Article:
Speaking frankly, shoehorning what used to work into the 2020s and expecting even half the success it used to win you just isn't going to cut the mayo, let alone the mustard.

By Pedro Durigan on Unsplash

Let's start with the basics -- your job ads are sloppy

Poorly formatted, barely edited, stuffed with company history nobody reading it is anywhere near invested enough to want to sift through, and lacking in so many of the fundamental details that you'd be terrified to know just how many people gloss over and bounce off even the most enticing of your proposals.

And then there are those of you who just forget to leave out the editing comments and formatting and hand the most bizarre nonsense to your candidates and expect them to stay engaged and regard your organisation as anywhere near, well, organised.

...One can see why you are hiring an editor.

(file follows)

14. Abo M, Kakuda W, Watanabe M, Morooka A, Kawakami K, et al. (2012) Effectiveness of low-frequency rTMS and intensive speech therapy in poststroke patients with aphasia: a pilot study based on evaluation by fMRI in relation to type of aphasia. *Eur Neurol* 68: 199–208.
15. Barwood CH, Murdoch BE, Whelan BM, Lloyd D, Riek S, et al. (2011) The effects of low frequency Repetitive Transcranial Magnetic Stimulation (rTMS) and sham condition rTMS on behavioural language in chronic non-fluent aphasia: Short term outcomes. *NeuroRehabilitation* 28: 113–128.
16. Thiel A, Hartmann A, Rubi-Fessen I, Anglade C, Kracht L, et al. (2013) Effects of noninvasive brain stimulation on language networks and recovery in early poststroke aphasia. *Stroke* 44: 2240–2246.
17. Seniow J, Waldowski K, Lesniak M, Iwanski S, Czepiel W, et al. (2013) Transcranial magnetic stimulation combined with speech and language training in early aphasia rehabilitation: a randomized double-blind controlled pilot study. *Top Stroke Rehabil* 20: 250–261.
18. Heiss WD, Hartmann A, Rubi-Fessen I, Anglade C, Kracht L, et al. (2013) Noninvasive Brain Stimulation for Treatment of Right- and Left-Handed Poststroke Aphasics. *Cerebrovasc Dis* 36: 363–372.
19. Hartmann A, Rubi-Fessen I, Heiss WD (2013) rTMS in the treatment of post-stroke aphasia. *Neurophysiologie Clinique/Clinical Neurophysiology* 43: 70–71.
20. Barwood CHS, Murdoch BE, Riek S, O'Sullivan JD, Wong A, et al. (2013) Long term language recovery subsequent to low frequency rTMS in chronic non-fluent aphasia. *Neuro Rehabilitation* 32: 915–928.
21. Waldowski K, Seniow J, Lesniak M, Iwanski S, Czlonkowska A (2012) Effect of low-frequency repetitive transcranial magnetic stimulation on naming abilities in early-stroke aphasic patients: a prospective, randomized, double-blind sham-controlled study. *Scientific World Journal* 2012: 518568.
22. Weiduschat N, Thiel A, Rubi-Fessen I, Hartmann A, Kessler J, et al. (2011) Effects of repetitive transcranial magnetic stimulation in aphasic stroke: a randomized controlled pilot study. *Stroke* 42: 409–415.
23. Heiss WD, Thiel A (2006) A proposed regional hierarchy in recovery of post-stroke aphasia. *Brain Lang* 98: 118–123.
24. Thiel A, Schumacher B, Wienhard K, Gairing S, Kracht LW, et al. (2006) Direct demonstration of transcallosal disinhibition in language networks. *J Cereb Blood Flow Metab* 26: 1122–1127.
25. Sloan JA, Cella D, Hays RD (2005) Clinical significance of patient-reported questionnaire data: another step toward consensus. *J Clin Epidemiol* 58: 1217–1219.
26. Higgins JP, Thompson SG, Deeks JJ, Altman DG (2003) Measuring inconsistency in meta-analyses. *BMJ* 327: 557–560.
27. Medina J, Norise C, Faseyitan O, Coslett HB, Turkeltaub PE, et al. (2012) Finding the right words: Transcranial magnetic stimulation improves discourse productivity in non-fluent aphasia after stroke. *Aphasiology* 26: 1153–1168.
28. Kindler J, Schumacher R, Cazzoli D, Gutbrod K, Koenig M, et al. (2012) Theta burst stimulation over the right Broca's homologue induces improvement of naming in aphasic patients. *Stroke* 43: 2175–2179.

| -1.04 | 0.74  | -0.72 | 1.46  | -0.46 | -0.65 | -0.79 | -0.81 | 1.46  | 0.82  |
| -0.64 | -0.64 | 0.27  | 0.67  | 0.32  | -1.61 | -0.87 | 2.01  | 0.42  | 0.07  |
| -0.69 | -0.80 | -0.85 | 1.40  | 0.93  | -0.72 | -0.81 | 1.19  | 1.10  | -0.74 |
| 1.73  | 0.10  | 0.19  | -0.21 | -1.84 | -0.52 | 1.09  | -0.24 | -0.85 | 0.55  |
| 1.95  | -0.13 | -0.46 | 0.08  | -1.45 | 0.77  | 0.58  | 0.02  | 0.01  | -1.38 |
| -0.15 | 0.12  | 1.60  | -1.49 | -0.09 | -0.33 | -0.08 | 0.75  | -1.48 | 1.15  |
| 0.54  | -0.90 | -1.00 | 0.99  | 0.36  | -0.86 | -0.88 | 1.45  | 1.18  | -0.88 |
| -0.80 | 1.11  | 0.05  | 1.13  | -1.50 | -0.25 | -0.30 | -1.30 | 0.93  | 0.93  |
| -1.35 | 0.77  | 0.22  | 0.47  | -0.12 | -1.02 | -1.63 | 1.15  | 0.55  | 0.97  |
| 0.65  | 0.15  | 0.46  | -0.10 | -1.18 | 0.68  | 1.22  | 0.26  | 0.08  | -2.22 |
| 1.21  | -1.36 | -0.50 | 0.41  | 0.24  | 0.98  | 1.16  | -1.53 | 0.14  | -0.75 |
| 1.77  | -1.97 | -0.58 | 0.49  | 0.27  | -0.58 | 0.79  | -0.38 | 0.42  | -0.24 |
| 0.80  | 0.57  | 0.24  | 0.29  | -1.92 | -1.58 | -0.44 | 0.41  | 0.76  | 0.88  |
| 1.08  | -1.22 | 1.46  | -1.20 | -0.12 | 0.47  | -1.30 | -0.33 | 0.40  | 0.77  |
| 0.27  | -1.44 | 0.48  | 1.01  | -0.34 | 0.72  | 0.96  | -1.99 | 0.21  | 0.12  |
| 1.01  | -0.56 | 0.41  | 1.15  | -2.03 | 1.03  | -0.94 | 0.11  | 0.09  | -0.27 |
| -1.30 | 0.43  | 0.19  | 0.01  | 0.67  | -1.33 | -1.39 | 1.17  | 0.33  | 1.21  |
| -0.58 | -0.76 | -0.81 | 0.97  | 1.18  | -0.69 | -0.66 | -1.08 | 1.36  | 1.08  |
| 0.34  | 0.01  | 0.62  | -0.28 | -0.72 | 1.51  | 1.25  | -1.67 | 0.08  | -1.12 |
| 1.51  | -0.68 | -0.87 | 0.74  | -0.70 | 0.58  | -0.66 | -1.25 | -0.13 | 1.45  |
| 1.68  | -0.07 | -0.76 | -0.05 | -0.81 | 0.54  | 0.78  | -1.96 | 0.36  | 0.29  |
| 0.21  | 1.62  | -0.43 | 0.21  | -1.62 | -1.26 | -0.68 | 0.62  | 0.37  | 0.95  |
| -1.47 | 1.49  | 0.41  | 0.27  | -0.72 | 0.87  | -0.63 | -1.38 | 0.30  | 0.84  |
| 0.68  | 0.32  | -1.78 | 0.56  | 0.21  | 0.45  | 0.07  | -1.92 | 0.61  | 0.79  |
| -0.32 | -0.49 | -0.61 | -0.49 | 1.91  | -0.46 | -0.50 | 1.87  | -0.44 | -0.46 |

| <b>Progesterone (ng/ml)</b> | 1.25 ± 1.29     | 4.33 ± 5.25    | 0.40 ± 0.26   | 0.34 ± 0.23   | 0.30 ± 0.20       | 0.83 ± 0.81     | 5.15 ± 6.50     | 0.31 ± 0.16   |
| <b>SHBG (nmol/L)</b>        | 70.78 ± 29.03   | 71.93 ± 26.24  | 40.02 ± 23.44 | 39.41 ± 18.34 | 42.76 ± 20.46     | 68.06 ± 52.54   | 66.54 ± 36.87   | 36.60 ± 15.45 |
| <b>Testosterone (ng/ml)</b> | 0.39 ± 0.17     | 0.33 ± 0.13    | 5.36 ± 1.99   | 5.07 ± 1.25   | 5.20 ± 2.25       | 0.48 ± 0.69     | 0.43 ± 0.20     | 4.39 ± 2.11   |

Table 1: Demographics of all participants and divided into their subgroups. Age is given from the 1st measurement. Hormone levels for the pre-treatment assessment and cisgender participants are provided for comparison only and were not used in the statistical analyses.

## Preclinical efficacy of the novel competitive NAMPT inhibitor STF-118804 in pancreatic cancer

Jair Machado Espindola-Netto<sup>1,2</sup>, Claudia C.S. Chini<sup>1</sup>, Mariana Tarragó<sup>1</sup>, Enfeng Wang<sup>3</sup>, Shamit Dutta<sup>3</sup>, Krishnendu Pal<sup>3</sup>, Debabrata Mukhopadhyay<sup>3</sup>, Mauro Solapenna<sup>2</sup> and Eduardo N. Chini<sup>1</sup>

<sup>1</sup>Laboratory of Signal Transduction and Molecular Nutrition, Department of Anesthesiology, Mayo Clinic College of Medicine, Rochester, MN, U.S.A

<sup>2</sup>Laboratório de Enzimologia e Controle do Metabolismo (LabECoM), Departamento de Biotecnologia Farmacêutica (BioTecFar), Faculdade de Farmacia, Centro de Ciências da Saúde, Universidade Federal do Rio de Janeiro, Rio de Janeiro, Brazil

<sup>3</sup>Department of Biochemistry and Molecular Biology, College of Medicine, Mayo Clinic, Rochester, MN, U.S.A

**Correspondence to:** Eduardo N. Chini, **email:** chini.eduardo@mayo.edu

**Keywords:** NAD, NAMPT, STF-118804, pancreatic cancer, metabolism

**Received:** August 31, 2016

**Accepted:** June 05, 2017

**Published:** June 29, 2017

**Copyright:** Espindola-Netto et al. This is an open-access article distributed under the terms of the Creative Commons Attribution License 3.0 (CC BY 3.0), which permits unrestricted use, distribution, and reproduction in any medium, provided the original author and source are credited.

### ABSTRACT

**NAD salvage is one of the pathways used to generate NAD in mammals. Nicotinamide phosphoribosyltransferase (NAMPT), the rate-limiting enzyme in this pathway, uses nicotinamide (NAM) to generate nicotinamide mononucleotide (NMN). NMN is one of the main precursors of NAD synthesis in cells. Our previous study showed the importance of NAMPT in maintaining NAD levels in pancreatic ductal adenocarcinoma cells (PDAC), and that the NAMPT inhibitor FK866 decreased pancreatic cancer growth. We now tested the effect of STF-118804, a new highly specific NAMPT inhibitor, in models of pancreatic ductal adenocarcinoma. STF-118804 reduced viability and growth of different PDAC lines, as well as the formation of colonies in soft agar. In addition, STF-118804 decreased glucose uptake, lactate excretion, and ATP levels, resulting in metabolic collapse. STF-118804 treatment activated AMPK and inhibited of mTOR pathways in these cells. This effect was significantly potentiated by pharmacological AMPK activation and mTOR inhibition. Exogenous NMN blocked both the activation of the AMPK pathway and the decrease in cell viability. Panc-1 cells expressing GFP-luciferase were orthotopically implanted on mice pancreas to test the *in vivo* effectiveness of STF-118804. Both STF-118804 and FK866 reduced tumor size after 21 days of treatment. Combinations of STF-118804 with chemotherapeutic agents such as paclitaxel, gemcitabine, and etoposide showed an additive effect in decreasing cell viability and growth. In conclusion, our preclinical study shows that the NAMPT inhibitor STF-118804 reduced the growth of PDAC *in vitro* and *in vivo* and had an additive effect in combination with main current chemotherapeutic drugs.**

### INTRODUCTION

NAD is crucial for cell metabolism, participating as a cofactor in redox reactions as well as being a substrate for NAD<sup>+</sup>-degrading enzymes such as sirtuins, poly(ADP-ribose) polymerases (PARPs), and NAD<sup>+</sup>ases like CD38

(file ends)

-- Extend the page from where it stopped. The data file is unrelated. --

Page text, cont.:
Remember, you're apparently supposed to pay incredibly close attention to job descriptions, just like the people hiring you pay close attention to your CV.

This never happens with either party, of course, but half of job interviews is about engaging in the cut-and-thrust of the masquerade, pretending that either of you have in any way been paying attention.

Speaking of which, why do your job interviews have so many stages?

If you're so good at business, why does it take you so long to gauge people, and why are so many people involved in the process of doing so?

Is this due diligence, or simply duplication of work, blindly following outdated procedures you haven't bothered updating, and mindlessly looking for reasons to exclude candidates based on nebulous factors that let you gatekeep your business like it's some promised land we all know it isn't?

By William Fitzgibbon on Unsplash

During my last stint of job-searching in 2021, I was genuinely amazed by how many people, without a hint of irony, would insist they're after getting someone into the position ASAP, just as soon as I traipse through about a month of sequential interviews with various people, only one of whom I'm going to work with day-to-day.